Group of Sri Lankan men smiling and crowding around a gem washing slough and machinery in a mining area in Sri Lanka.

Precious Stones, Precious Lives: Ethical Sourcing in Sri Lanka’s Gemstone Mines

Sri Lanka, formerly known as Ceylon, boasts a rich history of gem mining that stretches back to at least 5th century BC. The island also carried the name Ratna-Dweepa, which translates to ‘Gem Island’ in Sinhala, a name that serves as a testament to the country’s natural abundance of gemstones.

Did you know? This paradise island is arguably the world’s largest producer of Sapphire, and a prolific source of over 75 varieties of precious and semi-precious gemstones. These include but are not limited to Ruby, Spinel, Amethyst, Garnet, Rose Quartz, Aquamarine, Tourmaline, Agate, Topaz, Citrine, Alexandrite, Zircon, and Moonstone.

Assorted rough gemstones in various colours and shapes arranged on a surface.

During our most recent journey in June 2023, we visited six distinct mines as part of our ongoing efforts and dedication to establishing genuine, on-the-ground connections with the people who are at the very heart of the gems we cut, polish and sell at MADLY. What has always fascinated me is the fact that 90% or more of the gem-producing mines in Sri Lanka are privately owned, often by individuals, families, or small enterprises. These mines are typically small-scale operations nestled within agricultural lands, like this scenic rice paddy and mine owned by the soft-spoken Itam and his charming family.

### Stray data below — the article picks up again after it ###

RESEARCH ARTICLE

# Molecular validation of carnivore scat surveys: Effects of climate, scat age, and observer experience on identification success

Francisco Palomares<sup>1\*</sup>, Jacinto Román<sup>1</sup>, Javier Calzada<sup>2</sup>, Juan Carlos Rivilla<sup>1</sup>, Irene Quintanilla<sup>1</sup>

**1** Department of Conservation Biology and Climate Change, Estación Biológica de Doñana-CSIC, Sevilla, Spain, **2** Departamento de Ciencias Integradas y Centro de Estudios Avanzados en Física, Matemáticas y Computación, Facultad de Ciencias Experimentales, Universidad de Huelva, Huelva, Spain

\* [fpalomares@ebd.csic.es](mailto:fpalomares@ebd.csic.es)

A diverse group of individuals, including a Chinese woman and a Caucasian, standing among joyful Sri Lankan men at a Sri Lanka mining site, all sharing smiles

The choice of location is no accident. Gem deposits are typically found in alluvial regions, formed when mountains wash gravel into the floodplains of rivers and lakes. These gravel beds not only hold potential gemstones but also enrich the soil of these wetland farms.

Mine owners like Itam cultivate a symbiotic relationship with farmers, who also take on the role of miners. Over the years, I have witnessed this kind of partnership at various mines in Ratnapura, where they share the use of the land and alternate between farming and mining, maintaining a balance that encourages more sustainable land use. This practice not only helps preserve the environment, but it is also an economic lifeline for many within the community, serving as a testament to the resilience and ingenuity of these artisanal miners and farmers.